MINNEAPOLIS — As Minnesota waited in the locker room to take the field and face overmatched Rutgers last week, coach P.J. Fleck was collecting his thoughts when a staff member interrupted to report that Wisconsin had just lost to Illinois in the biggest stunner of the season so far in major college football.
Initially hesitant to present a potential distraction to his players, Fleck chose to weave the result into his pregame speech out of respect for the danger of letting up against a lesser opponent.
“This could happen to you,” Fleck told them.
Though the Gophers passed the focus test with a 42-7 victory over a Scarlet Knights team on the verge of finishing as one of the worst in Big Ten history, the same message is relevant one week later.
Currently 17th in the Associated Press Top 25, the program’s highest ranking in 15 years, the Gophers (7-0, 4-0) host Maryland (3-4, 1-3) on Saturday as 15-point favorites with a prime opportunity to build a two-game lead in the West Division because the Badgers play at third-ranked Ohio State.
With a bye waiting the following week, there is a widespread assumption the Gophers will take an 8-0 record into their game Nov. 9 against No. 6 Penn State.
Not if they lose their edge, though, against a Terrapins team that has plenty of game-breaking players despite some struggles in conference play under first-year coach Michael Locksley.
“Literally on any given Saturday, if you’re not at your best, if you don’t play to the best of your ability, you can get beat by anybody, no matter who it is,” Gophers quarterback Tanner Morgansaid. “It’s always about us. If we don’t play our best, no matter what happens, we can get beat.”
That’s what happened to Minnesota the last two years, albeit with teams not as strong as this one. The Gophers allowed 315 rushing yards, turned the ball over three times and lost 42-13 at Maryland in 2018, and in 2017 they fell 31-24 at home after giving up 262 rushing yards and producing two turnovers.
“They’re crazy athletic. Their running backs, if they hit a crease, they take it for 100 yards,” Minnesota defensive end Carter Coughlin said. “So we’ve got to make sure that everybody’s in our gaps. Everybody needs to be extremely disciplined.”
BACKFIELD IN MOTION
The Terrapins welcome back two stars from sprained ankles, quarterback Josh Jackson and running back Anthony McFarland Jr. Jackson missed the last two games, and McFarland was held out of last week’s 34-28 loss to Indiana after gaining only four yards on four carries in the previous game, a defeat by Purdue. Javon Leake rushed for a career-high 158 yards against the Hoosiers, but McFarland was still missed.
“He was as frustrated as I was and as we were as a team that he wasn’t at 100%, and to have 100% Anthony McFarland will help the Terps,” Locksley said.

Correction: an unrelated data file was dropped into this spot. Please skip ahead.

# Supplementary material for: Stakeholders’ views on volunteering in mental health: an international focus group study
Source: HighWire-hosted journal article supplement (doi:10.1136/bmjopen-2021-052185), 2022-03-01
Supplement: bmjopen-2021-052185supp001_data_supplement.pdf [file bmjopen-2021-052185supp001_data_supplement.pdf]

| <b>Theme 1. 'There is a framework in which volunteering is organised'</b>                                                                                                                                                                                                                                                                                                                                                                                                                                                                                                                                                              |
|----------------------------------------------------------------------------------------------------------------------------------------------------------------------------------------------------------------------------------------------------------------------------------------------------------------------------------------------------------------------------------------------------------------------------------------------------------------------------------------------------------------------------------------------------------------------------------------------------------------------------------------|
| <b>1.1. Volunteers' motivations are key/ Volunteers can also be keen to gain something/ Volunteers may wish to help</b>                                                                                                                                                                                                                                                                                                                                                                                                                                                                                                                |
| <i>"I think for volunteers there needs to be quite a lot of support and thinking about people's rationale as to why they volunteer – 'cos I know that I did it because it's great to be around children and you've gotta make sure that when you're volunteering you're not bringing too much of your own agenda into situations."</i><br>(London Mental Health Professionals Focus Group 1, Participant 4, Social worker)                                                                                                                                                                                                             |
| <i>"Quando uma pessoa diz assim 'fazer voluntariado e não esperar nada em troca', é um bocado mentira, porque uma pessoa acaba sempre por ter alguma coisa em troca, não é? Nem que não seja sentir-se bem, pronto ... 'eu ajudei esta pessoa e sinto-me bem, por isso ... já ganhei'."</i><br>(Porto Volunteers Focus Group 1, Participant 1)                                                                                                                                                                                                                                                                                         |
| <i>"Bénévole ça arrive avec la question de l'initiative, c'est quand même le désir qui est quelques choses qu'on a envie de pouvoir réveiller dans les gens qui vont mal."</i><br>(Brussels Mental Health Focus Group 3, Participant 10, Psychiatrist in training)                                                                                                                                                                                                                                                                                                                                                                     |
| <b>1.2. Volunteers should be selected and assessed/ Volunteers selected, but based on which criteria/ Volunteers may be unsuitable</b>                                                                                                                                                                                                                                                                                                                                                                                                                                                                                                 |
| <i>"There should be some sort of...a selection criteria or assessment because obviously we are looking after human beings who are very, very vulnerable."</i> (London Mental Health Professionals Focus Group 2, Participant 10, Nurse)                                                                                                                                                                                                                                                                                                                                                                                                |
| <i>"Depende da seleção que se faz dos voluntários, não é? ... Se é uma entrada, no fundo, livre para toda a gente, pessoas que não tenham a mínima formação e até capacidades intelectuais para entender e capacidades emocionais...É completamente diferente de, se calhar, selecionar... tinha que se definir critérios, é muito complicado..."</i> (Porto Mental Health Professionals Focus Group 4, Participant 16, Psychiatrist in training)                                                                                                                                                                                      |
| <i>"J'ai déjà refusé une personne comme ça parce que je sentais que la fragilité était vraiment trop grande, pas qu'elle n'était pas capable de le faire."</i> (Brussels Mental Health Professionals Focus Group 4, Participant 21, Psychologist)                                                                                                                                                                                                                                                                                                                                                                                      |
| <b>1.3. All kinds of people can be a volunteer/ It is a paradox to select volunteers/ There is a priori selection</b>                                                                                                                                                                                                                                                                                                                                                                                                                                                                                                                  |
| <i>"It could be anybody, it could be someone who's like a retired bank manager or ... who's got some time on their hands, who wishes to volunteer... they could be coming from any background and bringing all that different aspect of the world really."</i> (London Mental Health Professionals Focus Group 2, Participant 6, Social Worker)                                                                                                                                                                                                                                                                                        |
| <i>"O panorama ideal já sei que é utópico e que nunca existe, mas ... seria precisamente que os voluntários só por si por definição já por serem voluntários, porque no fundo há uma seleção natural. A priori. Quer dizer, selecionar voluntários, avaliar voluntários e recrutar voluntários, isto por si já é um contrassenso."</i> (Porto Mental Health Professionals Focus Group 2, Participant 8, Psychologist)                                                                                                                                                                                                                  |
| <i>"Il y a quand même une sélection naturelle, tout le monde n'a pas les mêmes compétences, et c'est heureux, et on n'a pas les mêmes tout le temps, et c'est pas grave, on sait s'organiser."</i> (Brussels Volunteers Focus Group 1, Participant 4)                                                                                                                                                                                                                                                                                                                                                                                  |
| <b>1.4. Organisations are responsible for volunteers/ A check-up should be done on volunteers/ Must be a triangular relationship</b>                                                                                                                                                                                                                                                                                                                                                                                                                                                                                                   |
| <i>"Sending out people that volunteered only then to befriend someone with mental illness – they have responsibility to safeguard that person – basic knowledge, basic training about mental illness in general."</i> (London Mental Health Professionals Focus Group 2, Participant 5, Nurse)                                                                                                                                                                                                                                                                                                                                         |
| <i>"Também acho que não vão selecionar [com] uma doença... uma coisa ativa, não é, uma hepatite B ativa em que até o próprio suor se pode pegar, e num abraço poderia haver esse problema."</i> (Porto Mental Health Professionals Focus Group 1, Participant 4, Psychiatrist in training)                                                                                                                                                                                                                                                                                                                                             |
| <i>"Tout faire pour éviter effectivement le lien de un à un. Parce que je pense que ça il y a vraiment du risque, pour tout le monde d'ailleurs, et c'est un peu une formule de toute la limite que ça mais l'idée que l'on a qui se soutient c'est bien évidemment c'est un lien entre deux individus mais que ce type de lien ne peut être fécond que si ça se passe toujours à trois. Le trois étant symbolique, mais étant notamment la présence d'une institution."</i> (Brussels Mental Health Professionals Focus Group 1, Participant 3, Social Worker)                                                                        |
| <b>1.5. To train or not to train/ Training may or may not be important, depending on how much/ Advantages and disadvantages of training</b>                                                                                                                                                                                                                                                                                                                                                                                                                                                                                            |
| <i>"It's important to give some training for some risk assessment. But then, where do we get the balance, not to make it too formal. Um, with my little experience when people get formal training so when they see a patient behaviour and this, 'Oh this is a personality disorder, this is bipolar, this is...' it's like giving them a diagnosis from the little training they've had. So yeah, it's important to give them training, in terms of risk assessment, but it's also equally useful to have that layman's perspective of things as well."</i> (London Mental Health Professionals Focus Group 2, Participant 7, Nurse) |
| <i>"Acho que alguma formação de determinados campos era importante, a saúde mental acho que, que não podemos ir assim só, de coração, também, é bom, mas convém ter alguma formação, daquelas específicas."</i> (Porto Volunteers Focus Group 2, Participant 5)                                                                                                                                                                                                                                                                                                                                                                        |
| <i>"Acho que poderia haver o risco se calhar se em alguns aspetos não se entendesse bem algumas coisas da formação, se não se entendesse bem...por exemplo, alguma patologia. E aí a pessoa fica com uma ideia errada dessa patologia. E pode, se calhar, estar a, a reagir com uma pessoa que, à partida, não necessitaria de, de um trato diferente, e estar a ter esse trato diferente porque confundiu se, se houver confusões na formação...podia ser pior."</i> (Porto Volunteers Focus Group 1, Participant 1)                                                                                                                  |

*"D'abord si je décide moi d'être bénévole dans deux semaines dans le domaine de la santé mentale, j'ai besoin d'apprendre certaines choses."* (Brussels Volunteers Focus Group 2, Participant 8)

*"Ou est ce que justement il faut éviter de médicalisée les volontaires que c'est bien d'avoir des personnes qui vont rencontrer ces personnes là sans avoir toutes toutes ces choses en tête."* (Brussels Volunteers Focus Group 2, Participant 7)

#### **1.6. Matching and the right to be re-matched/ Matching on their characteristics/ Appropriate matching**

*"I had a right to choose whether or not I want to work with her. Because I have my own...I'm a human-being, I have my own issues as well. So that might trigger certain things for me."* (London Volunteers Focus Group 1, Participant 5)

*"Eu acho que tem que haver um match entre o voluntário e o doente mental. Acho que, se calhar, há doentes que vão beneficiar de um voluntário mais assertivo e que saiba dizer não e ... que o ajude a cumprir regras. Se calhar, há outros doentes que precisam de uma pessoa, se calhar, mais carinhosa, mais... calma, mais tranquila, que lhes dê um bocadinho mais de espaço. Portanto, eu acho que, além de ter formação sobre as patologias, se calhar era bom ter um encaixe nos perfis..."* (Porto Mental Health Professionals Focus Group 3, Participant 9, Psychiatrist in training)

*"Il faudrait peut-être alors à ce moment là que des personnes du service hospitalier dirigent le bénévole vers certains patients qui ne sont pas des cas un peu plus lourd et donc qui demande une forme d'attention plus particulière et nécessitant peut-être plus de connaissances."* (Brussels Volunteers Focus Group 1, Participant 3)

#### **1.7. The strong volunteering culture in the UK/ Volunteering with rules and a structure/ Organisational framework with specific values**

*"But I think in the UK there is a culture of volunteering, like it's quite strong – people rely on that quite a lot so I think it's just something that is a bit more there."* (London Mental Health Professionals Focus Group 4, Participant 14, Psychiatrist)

STRONG START STATS
The Gophers, who are one of 10 undefeated teams remaining in the FBS, have not been 8-0 since 1941, when they were national champions. Their last 5-0 start in the Big Ten was 1961, the season of their last trip to the Rose Bowl. Including the final two contests of 2018, the Gophers have won nine straight games for the first time since 1941-42. With a 116-31 combined margin of victories over Illinois, Nebraska and Rutgers this month, Minnesota has won three consecutive conference games by 20-plus points for the first time since 1935.
The Terrapins have forced a turnover in 19 straight games, the second-longest streak in the FBS behind Syracuse (21). An interception in the end zone by Antoine Brooks Jr. last week extended the run, though that was hardly solace from a shoddy performance in which they yielded 520 yards in offense to Indiana. The Terps have picked off six passes and recovered five fumbles for a plus-2 turnover differential.
Both teams will wear green ribbon decals on their helmets to promote mental health awareness, a topic that hits close to home for Locksley. He had a green ribbon pinned to his chest during his weekly news conference. Locksley’s son, Meiko, was shot to death in 2017 in a suburb of Baltimore. He was 25. Meiko Locksley was diagnosed with schizoaffective disorder several years earlier, and the case remains unsolved.
The ribbons, Locksley said, “bring some awareness to mental health and how it affects especially kids from the age of 18 to 22. This is kind of that range where you see it usually kick in. So, I know the athletic department, as well as myself and my family, are proud to take part in a game like this.”
Fleck has had speaker, author and advocate Rachel Baribeau talk to his team about mental health each year he’s been at Minnesota. She will attend the game, and Gophers players will go through warmups wearing T-shirts with the message, “I’m Changing The Narrative,” the name of her nonprofit.
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Copyright 2019 by The Associated Press
This story is from ESPN.com’s automated news wire. Wire index